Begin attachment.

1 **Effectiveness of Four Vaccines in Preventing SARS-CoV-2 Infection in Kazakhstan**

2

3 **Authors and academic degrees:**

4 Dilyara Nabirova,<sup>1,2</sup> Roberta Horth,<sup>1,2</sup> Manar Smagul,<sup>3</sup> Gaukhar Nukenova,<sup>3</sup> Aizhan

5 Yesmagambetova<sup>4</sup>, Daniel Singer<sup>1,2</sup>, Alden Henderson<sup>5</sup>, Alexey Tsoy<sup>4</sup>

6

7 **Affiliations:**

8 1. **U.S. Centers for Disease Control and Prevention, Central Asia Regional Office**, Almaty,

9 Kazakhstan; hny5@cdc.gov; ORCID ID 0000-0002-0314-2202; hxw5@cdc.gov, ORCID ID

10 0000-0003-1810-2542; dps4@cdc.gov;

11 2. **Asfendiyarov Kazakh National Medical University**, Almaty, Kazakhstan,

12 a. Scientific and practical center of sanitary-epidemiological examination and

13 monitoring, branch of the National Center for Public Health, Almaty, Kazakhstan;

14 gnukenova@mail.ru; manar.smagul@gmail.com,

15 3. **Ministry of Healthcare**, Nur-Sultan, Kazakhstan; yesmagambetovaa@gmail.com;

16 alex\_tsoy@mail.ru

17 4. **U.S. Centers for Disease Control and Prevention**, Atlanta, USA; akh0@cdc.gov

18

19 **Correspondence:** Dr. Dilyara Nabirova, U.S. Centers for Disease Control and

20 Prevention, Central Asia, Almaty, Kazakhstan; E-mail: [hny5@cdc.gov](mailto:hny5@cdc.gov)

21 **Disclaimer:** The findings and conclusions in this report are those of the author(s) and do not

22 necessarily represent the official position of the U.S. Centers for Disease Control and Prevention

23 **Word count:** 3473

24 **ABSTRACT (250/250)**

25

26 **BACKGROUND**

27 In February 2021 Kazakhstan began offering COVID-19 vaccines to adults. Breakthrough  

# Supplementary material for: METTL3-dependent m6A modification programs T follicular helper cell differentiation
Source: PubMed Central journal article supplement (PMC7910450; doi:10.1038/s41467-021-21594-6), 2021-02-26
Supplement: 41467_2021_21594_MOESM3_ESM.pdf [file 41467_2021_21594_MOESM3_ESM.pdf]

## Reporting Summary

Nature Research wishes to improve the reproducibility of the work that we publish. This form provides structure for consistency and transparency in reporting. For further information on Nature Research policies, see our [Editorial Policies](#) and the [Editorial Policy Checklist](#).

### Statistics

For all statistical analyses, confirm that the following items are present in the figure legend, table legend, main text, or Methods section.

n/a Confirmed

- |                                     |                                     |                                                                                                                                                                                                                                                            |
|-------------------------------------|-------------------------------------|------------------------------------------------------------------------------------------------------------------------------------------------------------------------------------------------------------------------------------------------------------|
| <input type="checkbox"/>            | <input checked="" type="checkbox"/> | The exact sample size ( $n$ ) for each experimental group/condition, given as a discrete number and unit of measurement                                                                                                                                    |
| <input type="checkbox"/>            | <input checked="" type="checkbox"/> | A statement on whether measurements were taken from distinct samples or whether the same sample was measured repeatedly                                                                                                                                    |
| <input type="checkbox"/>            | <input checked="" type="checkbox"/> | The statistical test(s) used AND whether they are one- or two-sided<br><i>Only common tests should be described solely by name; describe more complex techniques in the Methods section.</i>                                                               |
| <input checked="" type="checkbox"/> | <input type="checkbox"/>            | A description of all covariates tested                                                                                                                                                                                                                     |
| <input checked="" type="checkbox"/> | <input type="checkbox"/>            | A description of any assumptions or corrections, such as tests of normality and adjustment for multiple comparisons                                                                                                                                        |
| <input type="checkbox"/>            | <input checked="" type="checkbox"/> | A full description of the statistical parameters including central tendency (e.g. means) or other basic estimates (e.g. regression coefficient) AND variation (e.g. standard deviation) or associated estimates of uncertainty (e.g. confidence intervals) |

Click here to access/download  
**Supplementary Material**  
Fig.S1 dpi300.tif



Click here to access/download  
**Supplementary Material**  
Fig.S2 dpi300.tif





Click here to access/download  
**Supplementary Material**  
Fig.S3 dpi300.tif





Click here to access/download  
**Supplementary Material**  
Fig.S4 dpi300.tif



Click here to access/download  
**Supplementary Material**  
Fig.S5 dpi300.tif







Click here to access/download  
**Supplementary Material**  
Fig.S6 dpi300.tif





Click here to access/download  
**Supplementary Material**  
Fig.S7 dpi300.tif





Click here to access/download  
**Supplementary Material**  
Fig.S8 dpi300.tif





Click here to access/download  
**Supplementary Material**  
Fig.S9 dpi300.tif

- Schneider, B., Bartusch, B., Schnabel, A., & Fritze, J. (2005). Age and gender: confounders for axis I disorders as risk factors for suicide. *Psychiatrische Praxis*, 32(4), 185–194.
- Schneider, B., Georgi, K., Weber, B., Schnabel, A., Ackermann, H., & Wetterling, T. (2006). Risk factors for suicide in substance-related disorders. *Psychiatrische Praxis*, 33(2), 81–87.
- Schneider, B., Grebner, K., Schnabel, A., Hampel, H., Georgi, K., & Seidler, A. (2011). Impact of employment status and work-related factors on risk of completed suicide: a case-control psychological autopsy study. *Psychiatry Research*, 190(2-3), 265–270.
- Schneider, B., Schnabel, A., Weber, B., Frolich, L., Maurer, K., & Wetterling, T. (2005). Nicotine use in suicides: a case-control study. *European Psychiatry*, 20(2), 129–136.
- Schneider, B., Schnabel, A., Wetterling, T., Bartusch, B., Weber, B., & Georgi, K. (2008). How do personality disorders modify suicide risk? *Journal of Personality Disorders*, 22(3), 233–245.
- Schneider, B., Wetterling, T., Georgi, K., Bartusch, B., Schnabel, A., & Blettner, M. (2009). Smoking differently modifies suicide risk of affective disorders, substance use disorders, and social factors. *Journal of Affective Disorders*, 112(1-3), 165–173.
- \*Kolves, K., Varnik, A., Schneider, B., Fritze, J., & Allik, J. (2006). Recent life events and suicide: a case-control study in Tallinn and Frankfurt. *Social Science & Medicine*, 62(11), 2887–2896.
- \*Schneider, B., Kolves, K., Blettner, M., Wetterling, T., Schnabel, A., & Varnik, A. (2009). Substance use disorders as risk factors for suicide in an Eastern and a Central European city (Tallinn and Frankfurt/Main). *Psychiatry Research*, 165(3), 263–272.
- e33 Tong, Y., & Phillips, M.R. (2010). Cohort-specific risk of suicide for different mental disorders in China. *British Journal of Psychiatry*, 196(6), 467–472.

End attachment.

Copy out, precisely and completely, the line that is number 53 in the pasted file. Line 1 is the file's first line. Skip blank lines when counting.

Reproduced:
Click here to access/download  